Half Wit for Wheat

Your intrepid liquor reporter has always had a weakness for wheat beers.

It started back in my kindergarten days, when I would rush to the kitchen table each morning for a heaping bowl of Wheaties, hoping the elusive prize in the bottom of the box would be mine.

Sadly, all those prizes in the bottom of cereal boxes in decades past seem to have secretly been extreme choking hazards, so they are rarely seen in today’s world of flying attack lawyers.

In the fullness of time, with my days as a towheaded schoolboy now long behind me, my daily wheat intake has shifted from breakfast cereals to wheat fermented with a bit of yeast and hops, then served in a pint glass.

Since beer tastes best when it is fresh, your intrepid liquor reporter was delighted when the Village Brewery opened in Calgary last December, and was even happier when they started making a wheat beer a few months back.

Bottles and 2-litre growlers are available at many well-stocked booze merchants, and they may also be found on tap at select drinking establishments.

The major styles of wheat beer are witbier (Dutch for white beer) and weissbier (German for white beer).

The simply named Village Brewery Wit is made in the Belgian style of wheat beers, which usually adds extra flavorings such as coriander and orange peel.

The Germans like to keep their beer pure, without any fancy additives, with popular Grasshopper from Big Rock being a good example.

Attentive readers may have noticed that these beers are sometimes referred to as white instead of wheat.

Wheat proteins tend to much hazier than barley, so wheat beers usually still have suspended yeast and wheat particles in the beer, which gives it a hazy white appearance when chilled, so the names white and wheat often go together.

Wheat beers tend to be more popular with the ladies than many other beers, as the fermentation process produces esters with fruity and spicy aromas. Add that to the gentle hopping for only mild bitterness, and the ladies go mad for it!

Back in the beer-soaked mists of time, production of wheat beer was centered around Munich in the middle ages, and was quite popular until the Bavarian Purity Law of 1516 decreed that beer could be made only from water, hops, and barley.

This law was implemented not only to ensure consumer safety (some of the herbs added to beer at the time were hallucinogens), but also to guarantee that the more valuable grains like wheat and rye were reserved for making bread instead of beer. However, members of the nobility still fancied the taste of wheat beers, so they granted royal assent to a few select breweries to provide wheat beers to the German aristocracy, while the commoners got the short end of the stick. Apparently, politicians were just as crafty back then as they are today.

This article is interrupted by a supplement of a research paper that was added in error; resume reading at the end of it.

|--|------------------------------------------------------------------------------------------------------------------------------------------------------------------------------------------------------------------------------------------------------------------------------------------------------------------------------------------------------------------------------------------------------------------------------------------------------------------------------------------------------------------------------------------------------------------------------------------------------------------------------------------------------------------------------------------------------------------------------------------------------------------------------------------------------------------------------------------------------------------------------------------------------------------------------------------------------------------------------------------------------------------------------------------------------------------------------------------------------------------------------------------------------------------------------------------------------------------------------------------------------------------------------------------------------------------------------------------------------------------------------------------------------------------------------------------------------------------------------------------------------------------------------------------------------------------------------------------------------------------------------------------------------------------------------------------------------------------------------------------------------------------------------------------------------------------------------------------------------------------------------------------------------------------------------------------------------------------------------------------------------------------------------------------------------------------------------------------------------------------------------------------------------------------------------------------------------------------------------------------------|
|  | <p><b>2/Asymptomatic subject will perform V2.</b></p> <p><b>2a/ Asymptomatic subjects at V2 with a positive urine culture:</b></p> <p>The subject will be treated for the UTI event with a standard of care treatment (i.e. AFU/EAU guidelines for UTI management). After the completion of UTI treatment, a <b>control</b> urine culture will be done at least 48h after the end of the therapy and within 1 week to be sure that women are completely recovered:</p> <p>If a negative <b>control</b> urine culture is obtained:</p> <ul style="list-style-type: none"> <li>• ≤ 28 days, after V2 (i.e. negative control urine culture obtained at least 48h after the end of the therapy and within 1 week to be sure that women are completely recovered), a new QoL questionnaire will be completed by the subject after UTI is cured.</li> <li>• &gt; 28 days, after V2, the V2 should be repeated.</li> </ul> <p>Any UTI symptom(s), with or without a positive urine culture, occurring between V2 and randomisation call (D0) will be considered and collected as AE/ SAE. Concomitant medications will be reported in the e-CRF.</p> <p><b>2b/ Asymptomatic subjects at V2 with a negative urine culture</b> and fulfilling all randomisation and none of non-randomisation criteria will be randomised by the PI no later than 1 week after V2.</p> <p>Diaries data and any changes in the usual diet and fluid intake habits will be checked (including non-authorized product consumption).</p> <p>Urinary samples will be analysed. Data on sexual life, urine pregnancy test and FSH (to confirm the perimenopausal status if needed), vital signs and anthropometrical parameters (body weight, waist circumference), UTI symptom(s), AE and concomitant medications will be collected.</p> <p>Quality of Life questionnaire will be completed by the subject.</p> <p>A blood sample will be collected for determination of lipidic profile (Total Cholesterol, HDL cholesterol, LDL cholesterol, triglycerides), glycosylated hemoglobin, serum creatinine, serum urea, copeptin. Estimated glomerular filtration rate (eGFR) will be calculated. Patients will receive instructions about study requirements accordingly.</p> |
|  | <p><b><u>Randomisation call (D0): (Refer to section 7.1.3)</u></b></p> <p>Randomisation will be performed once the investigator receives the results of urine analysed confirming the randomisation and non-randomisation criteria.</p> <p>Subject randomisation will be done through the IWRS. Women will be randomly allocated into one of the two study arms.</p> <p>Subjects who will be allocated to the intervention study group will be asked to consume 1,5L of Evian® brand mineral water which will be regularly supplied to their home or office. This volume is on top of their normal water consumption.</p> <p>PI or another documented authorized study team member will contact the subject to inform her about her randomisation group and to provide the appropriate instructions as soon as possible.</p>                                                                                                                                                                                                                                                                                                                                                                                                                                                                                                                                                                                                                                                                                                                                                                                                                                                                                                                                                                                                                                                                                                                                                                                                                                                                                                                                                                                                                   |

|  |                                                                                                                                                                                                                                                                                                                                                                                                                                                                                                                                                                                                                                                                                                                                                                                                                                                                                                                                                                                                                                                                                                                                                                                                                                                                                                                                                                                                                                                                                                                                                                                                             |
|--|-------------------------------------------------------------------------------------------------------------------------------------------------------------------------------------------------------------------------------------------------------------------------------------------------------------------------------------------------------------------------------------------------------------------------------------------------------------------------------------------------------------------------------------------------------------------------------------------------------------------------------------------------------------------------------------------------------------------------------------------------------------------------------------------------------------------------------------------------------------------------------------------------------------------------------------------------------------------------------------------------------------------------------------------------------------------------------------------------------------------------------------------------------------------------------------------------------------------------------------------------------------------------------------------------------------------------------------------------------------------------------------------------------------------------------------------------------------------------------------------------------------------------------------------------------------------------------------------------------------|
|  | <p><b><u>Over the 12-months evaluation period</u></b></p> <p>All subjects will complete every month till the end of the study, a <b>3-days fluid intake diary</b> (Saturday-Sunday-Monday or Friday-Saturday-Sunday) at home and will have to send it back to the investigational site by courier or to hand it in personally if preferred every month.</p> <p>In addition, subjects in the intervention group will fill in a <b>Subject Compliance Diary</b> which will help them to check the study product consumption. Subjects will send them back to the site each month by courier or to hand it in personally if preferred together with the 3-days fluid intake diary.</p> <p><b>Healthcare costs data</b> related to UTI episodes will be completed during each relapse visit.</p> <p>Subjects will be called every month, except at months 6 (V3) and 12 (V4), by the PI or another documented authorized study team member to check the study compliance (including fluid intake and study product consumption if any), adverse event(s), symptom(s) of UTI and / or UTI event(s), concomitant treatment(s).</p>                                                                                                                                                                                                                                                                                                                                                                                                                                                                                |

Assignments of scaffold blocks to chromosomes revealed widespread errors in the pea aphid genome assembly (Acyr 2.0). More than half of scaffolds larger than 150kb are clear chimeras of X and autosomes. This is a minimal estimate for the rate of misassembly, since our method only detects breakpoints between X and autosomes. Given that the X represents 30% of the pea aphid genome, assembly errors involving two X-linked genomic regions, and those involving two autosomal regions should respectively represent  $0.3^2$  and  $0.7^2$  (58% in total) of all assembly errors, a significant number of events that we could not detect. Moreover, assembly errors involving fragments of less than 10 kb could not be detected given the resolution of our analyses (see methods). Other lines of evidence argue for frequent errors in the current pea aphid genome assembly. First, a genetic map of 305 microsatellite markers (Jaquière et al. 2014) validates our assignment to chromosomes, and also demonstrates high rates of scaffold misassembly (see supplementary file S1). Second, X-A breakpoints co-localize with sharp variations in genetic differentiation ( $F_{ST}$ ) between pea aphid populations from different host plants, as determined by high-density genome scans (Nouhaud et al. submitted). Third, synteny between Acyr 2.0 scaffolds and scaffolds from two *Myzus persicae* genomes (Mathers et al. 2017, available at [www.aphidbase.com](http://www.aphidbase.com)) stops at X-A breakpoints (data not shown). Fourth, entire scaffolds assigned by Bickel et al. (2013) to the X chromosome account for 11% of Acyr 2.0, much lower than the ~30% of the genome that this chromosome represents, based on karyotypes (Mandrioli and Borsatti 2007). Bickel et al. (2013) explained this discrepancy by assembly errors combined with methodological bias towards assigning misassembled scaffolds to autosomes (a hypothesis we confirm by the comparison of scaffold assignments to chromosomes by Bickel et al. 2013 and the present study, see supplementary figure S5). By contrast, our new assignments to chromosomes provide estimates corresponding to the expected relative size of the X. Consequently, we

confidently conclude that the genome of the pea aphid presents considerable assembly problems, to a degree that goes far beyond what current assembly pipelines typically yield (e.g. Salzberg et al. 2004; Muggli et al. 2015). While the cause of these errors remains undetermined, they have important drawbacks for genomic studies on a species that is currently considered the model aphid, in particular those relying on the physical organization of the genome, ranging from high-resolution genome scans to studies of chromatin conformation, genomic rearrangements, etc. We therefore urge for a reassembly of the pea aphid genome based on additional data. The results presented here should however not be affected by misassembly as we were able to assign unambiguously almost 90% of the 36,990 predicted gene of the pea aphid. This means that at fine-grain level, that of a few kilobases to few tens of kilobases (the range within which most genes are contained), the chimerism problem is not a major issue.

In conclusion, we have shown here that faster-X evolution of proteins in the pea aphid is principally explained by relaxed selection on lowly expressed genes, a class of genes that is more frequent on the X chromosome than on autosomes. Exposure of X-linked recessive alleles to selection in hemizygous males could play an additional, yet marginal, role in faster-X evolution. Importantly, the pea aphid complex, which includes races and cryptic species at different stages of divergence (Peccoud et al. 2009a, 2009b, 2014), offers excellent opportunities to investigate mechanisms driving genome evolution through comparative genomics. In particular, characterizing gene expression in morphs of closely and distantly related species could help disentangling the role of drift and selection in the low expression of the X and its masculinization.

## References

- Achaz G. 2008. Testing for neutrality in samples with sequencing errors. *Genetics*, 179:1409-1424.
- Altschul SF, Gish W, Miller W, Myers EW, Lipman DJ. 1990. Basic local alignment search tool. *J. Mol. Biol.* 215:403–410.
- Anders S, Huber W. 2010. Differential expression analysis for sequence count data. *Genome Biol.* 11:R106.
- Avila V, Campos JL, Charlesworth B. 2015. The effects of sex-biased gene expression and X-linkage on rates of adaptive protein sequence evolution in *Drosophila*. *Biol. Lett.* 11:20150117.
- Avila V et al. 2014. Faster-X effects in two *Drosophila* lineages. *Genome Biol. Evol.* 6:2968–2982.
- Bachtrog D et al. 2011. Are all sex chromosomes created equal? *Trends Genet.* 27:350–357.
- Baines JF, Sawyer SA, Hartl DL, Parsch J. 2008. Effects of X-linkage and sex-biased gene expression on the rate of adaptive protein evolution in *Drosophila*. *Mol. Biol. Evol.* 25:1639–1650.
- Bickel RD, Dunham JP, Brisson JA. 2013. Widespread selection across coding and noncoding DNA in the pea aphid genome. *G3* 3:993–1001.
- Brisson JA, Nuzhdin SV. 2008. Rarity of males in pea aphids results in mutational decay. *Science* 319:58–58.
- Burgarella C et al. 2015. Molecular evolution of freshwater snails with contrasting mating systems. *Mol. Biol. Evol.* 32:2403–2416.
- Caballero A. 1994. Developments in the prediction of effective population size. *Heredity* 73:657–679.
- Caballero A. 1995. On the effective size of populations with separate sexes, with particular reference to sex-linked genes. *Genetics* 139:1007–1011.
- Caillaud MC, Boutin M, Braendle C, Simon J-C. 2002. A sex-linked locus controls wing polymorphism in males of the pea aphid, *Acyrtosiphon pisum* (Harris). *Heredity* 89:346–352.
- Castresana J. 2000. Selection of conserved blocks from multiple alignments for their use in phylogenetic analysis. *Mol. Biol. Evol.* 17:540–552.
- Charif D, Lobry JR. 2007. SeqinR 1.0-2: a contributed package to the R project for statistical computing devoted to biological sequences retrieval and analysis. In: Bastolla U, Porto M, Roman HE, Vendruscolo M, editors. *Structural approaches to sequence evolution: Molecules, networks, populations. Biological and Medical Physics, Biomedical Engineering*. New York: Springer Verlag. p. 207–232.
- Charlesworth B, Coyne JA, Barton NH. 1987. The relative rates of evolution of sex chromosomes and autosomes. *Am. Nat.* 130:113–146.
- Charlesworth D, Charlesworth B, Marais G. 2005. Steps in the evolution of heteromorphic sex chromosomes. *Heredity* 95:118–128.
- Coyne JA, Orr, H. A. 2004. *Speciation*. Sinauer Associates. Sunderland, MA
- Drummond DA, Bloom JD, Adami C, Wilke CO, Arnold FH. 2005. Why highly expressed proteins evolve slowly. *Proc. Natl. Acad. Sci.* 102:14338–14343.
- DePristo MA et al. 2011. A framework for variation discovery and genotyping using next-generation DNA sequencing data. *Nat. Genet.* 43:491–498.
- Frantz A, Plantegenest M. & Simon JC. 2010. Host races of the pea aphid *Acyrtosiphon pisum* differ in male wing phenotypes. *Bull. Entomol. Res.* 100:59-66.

So what is it that makes wheat beer so special? Well, unlike a traditional beer that only uses malted barley grains, wheat beers use a mixture of barley with either malted or unmalted wheat. Wheat beers tend to be lighter-bodied and more carbonated than traditional barley-based beers. They are excellent summer beers, and tend to have a refreshing, tart, and spritzy flavor.

Getting back to the beer at hand, the Village Brewery Wit is only lightly hopped, so the very slight bitterness does not detract from the hints of banana and grapefruit that are common with this beer style.

Your humble narrator enjoyed a few pints on a sunny patio at the Ship & Anchor in Calgary last weekend, and picked up a 2-litre growler at the store on the way home.

Although many wheat beers are extensively filtered to make them clear, the Village Brewery Wit leaves the delicious yeast and wheat proteins suspended in their beer, allowing more conditioning and secondary fermentation to occur after bottling.

This makes for a more flavourful beer, so for those adventurous consumers not afraid to step away from their crystal-clear macrobrews, crack open a cloudy been and enjoy the flavour explosion.

So, the next time you’re at the local pub, remember that wheat isn’t just for making hamburger buns, and it can be much more enjoyable in liquid form!

About the author

Nick Jeffrey

Nick Jeffrey

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